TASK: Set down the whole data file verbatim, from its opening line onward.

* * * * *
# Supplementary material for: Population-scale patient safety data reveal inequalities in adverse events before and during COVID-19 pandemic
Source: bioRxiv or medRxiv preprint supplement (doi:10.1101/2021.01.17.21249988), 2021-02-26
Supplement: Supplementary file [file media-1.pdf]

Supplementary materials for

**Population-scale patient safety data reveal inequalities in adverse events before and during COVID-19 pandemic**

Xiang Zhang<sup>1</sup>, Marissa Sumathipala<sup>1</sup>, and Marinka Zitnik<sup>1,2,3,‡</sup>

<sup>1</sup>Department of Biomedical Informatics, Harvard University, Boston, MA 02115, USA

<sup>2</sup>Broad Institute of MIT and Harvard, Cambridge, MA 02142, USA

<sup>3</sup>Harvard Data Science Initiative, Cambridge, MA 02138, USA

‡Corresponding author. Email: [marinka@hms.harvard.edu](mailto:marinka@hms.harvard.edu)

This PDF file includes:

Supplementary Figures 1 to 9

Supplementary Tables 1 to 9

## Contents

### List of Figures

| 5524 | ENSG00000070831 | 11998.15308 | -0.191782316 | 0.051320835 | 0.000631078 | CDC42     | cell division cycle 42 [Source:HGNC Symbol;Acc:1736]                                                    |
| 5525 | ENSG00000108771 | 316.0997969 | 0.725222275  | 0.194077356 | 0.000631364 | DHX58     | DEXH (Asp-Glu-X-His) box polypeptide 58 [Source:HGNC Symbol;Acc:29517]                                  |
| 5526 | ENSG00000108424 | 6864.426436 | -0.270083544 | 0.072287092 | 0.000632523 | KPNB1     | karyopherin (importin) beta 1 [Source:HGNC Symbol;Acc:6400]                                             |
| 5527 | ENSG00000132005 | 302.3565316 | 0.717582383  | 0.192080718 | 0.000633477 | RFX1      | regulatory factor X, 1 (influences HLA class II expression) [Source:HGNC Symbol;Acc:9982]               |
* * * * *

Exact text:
# Supplementary material for: Population-scale patient safety data reveal inequalities in adverse events before and during COVID-19 pandemic
Source: bioRxiv or medRxiv preprint supplement (doi:10.1101/2021.01.17.21249988), 2021-02-26
Supplement: Supplementary file [file media-1.pdf]

Supplementary materials for

**Population-scale patient safety data reveal inequalities in adverse events before and during COVID-19 pandemic**

Xiang Zhang<sup>1</sup>, Marissa Sumathipala<sup>1</sup>, and Marinka Zitnik<sup>1,2,3,‡</sup>

<sup>1</sup>Department of Biomedical Informatics, Harvard University, Boston, MA 02115, USA

<sup>2</sup>Broad Institute of MIT and Harvard, Cambridge, MA 02142, USA

<sup>3</sup>Harvard Data Science Initiative, Cambridge, MA 02138, USA

‡Corresponding author. Email: [marinka@hms.harvard.edu](mailto:marinka@hms.harvard.edu)

This PDF file includes:

Supplementary Figures 1 to 9

Supplementary Tables 1 to 9

## Contents

### List of Figures

| 5524 | ENSG00000070831 | 11998.15308 | -0.191782316 | 0.051320835 | 0.000631078 | CDC42     | cell division cycle 42 [Source:HGNC Symbol;Acc:1736]                                                    |
| 5525 | ENSG00000108771 | 316.0997969 | 0.725222275  | 0.194077356 | 0.000631364 | DHX58     | DEXH (Asp-Glu-X-His) box polypeptide 58 [Source:HGNC Symbol;Acc:29517]                                  |
| 5526 | ENSG00000108424 | 6864.426436 | -0.270083544 | 0.072287092 | 0.000632523 | KPNB1     | karyopherin (importin) beta 1 [Source:HGNC Symbol;Acc:6400]                                             |
| 5527 | ENSG00000132005 | 302.3565316 | 0.717582383  | 0.192080718 | 0.000633477 | RFX1      | regulatory factor X, 1 (influences HLA class II expression) [Source:HGNC Symbol;Acc:9982]               |